Befriend and betray: It’s all too easy for Nepali politiciansThe federal coalition is on the brink with Dahal, CPN (Maoist Centre) chief and prime minister, backing a Congress candidate for President.
Unexpected developments within months of government formation and overnight dramatic turn of events have become a norm in Nepali politics. The prevailing crisis in the incumbent coalition government formed on December 25 is a case in point.
The seven-party ruling coalition government comprising CPN-UML, CPN (Maoist Centre), Rastriya Swatantra Party, Rastriya Prajantra Party, Janata Samajbadi Party, Janamat Party and Nagarik Unmukti Party that supported Maoist Centre chair Pushpa Kamal Dahal for prime minister, is now teetering on the brink of collapse, after just two months.
Political science professor at Tribhuvan University Rajesh Gautam said one needs to look at the ongoing situation from two perspectives. “In an electoral system like ours where it is almost impossible for any single party to win a clear majority, election alliances become necessary to form government,” Gautam told the Post. “However, alliances usually don’t last long in Nepal since our politicians don’t have an alliance culture.”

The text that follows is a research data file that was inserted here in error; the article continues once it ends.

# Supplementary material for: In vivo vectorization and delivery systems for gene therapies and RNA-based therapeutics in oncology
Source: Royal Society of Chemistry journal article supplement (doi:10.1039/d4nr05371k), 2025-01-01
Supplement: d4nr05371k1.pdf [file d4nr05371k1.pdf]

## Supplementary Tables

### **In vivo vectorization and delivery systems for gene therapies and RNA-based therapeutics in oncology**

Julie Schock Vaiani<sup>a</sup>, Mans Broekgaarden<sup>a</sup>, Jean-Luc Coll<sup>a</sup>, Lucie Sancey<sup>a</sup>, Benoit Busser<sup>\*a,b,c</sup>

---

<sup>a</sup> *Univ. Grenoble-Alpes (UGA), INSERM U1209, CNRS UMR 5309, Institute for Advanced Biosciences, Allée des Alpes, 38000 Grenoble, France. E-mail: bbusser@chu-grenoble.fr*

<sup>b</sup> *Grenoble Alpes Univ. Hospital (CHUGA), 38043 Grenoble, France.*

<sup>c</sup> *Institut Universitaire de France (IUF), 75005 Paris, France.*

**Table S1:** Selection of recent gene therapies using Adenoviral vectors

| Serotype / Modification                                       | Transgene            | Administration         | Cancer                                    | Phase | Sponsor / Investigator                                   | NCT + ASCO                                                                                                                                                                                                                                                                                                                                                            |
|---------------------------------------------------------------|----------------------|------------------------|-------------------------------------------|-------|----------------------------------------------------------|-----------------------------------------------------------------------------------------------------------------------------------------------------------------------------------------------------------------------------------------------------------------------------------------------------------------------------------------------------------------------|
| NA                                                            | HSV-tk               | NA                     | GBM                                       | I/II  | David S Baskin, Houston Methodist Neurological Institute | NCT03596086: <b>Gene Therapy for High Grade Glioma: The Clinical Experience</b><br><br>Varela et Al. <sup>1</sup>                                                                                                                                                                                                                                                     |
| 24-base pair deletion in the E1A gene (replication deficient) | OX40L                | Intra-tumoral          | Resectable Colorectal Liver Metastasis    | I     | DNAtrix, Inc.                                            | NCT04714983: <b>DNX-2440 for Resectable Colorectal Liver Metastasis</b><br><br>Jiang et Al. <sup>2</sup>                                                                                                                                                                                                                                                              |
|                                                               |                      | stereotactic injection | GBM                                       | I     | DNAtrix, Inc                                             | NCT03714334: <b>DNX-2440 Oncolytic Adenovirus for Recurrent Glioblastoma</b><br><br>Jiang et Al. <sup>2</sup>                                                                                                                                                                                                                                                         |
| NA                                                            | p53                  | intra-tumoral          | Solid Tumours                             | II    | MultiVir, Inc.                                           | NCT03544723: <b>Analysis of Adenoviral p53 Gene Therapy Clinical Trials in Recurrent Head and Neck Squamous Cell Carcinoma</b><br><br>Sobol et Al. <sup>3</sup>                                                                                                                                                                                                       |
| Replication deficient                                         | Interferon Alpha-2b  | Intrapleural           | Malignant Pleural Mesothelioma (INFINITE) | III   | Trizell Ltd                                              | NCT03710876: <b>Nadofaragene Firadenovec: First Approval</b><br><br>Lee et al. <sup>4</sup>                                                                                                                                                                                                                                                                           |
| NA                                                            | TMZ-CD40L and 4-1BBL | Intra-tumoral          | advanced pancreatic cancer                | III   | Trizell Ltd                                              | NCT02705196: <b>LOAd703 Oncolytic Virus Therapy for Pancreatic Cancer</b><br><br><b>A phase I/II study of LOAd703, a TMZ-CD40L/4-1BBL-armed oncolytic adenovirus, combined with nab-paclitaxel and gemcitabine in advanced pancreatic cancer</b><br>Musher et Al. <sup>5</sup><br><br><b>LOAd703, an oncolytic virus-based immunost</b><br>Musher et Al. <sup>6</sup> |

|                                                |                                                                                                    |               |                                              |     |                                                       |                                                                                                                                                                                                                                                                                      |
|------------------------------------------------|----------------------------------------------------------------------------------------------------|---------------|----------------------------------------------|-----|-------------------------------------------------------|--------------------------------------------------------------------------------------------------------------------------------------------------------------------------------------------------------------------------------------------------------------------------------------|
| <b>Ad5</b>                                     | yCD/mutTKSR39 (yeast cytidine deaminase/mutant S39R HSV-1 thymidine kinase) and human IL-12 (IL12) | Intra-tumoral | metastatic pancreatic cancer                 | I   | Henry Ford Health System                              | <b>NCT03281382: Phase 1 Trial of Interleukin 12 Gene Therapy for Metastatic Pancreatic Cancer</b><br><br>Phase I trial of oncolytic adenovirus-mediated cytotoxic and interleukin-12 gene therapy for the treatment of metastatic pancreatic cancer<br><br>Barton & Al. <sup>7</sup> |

The seven-party alliance formed last December after the collapse of the Congress-led five-party alliance during the prime ministerial election could not sustain even until the presidential election, which is scheduled for March 9. Dahal soon after being elected as prime minister advocated ‘national consensus’ on the candidate of President.
Ignoring his earlier purported commitment to back a UML nominee for President, Dahal on Saturday supported the Congress candidate for the Presidential post.